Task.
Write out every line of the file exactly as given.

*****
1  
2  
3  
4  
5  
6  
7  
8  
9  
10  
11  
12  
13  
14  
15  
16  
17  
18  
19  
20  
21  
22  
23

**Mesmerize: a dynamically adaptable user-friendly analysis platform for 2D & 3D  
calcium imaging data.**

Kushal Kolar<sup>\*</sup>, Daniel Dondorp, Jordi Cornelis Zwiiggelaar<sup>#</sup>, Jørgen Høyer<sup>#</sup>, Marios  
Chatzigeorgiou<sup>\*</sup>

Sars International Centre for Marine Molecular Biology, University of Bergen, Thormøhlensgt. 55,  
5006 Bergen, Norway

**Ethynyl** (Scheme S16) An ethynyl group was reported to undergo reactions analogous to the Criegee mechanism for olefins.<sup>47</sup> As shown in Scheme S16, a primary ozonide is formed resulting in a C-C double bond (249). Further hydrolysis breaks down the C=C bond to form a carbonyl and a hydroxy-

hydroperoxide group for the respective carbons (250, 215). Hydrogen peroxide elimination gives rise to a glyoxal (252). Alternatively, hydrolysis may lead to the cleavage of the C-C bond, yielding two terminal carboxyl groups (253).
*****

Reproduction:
1  
2  
3  
4  
5  
6  
7  
8  
9  
10  
11  
12  
13  
14  
15  
16  
17  
18  
19  
20  
21  
22  
23

**Mesmerize: a dynamically adaptable user-friendly analysis platform for 2D & 3D  
calcium imaging data.**

Kushal Kolar<sup>\*</sup>, Daniel Dondorp, Jordi Cornelis Zwiiggelaar<sup>#</sup>, Jørgen Høyer<sup>#</sup>, Marios  
Chatzigeorgiou<sup>\*</sup>

Sars International Centre for Marine Molecular Biology, University of Bergen, Thormøhlensgt. 55,  
5006 Bergen, Norway

**Ethynyl** (Scheme S16) An ethynyl group was reported to undergo reactions analogous to the Criegee mechanism for olefins.<sup>47</sup> As shown in Scheme S16, a primary ozonide is formed resulting in a C-C double bond (249). Further hydrolysis breaks down the C=C bond to form a carbonyl and a hydroxy-

hydroperoxide group for the respective carbons (250, 215). Hydrogen peroxide elimination gives rise to a glyoxal (252). Alternatively, hydrolysis may lead to the cleavage of the C-C bond, yielding two terminal carboxyl groups (253).